Will five-door stretch limousines become standard in California, as legislators consider new safety rules and regulations for the industry?
LOS ANGELES -- One day after the California Highway Patrol deemed the May 4 fatal limosuine fire near San Francisco a tragedy, the Greater California Livery Association vowed to try to modify provisions in a limo bill that could prove very costly for limousine operators.
MEDIA REPORTS ON LIMO FIRE FINDINGS HERE
In the months following the fire, and before the release of the official investigation, several state legislators jumped to conclusions about limousines needing fire extinguishers, possible push out escape windows, and/or a fifth door near the front of a stretch limousine. There is also a proposal afoot that would require annual safety inspections of six-passenger and eight-passenger stretch limousines.
GCLA leaders, including President Mark Stewart and board director Rich Azzolino, have been meeting with the sponsors of the bills to help educate them on limousine industry vehicles, operations, and safety measures. During these meetings, the leaders have worked to help modify the langugage in areas where it is either unclear or unrealistic.
The two bills are S.B. 338, known as the fire extinguisher bill, proposed by Sen. Jerry Hill, D-San Mateo; and S.B. 109, related to emergency limo exits, sponsored by Sen. Ellen Corbett, D-San Leandro, the Senate Majority Leader.
Despite the fact that the limousine fire can be considered a one-off catastrophe, in which the chauffeur and operator were not charged criminally and the original manufacturer is not responsible for the defect that caused the fire, some type of additional regulations for stretch limousines are likely, Stewart said. Hill and Corbett have strong support among legislators, and their political party controls both houses of the Legislature, the Governorship, and all key executive departments.
Among the points Stewart shared during the GCLA meeting in Los Angeles Tuesday night:
- The language in the fire extinguisher bill now states that two fire extinguishers should be kept in stretch limousines, one in the chauffeur/driver area and one in the trunk. The GCLA is not opposed to this requirement, and it is consistent with some National Limousine Association safety guidelines issued Monday following the release of the findings.
- Annual inspections of stretch limousines at a cost of $25 per vehicle are fine if they are required and administered at the state level only. One hitch that developed recently is that the San Francisco International Airport wants its own inspection set-up, which is unacceptable to limousine operators because it duplicates regulations and costs, Stewart said.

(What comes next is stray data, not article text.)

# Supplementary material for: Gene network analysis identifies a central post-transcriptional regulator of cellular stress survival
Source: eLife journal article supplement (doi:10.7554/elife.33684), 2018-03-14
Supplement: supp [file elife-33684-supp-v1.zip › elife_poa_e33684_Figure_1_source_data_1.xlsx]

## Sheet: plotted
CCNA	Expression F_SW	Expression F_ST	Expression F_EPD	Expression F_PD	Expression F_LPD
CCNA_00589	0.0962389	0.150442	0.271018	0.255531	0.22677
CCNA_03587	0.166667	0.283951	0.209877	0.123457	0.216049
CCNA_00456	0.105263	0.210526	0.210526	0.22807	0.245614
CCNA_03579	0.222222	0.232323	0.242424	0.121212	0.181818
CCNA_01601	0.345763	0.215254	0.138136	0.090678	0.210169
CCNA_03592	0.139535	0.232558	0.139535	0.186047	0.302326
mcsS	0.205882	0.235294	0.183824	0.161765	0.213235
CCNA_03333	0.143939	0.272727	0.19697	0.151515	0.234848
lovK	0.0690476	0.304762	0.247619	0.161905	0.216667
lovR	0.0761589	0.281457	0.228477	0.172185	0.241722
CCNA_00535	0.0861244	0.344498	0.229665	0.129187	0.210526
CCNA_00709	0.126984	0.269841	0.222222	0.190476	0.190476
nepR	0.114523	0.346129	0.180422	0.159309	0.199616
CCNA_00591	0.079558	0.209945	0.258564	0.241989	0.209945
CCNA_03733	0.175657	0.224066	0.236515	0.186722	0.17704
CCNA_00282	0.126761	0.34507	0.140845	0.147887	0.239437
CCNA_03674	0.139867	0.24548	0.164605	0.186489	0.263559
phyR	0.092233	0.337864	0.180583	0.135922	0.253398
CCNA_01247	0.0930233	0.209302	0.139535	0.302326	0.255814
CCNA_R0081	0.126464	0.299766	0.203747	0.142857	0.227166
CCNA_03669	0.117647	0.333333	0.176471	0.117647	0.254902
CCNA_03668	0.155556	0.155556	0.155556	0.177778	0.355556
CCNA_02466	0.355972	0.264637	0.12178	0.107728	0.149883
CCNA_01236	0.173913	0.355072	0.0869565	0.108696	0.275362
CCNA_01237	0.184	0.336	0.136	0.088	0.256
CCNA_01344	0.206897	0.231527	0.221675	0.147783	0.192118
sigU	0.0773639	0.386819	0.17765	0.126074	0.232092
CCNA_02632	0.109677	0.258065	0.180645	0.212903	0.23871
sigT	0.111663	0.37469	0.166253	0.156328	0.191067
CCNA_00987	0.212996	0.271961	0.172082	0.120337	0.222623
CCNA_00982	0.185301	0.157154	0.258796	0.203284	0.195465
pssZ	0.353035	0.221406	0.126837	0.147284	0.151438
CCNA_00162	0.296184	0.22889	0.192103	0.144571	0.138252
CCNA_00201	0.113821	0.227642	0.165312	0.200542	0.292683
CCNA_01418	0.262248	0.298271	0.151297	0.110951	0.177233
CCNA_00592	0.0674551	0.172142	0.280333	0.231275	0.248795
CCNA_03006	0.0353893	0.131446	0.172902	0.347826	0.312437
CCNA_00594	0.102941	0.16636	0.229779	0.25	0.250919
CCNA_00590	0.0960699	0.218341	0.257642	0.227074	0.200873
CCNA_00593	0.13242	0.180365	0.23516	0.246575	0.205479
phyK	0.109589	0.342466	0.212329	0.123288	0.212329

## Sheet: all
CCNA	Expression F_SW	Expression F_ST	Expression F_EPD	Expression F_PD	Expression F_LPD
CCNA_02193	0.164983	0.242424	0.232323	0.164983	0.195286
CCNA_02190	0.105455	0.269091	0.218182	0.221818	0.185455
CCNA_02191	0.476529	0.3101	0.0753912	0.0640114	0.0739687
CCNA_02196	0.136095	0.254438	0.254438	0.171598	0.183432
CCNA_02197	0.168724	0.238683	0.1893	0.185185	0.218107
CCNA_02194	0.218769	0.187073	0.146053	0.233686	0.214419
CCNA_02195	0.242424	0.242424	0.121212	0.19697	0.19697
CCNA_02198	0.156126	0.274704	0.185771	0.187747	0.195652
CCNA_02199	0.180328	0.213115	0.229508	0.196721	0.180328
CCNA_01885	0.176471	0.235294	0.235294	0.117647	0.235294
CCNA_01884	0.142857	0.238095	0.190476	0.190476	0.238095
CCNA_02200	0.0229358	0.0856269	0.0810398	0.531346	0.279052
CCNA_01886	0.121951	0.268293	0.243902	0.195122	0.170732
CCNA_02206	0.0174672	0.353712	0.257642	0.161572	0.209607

- S.B. 109 has been changed slightly to require two push out emergency exit windows instead of doors and/or a fifth door next to the chauffeur compartment for stretch limousines. Coachbuilders brought into discussions on the bill explained it is structurally impossible to build limousines with push out doors, but that such windows are doable. Fifth doors have been common on many stretch limousine models in the past decade, but those models cost more than typical four-door stretches. The bill would require all new limousines to have the push outs or fifth doors by Jan. 1, 2015. But a proposed provision requiring all existing limousines to be retrofitted in such ways by Jan. 1, 2016, is impractical, costly and prohibitive, Stewart said. One possible compromise would be a back date limit on grandfathered limousines, but so far one has not emerged.
- The GCLA is asking that existing limousines be grandfathered in the law but Senators so far appear headstrong on this issue, Stewart said. "Politics is playing into this. It doesn't matter how safe we are or how rare the accident is, they are looking at ways to [regulate] us," he said, spurred by all the media hype.
Following the findings on the limo fire, NLA President Gary Buffo told LCT: "The investigators did the right thing by not speculating at the beginning. The authorities involved did a thorough investigation and found the root cause. They have proved it was a fluke, something completely uncommon that has never happened in the history of the industry. It is our time to be proactive not reactive. This is a situation we can learn from. The NLA has put together our recommendations for passenger safety and things we felt as a board we should get across to our membership. Let’s look at what we can do better for the industry in the future.”
-- Martin Romjue, LCT editor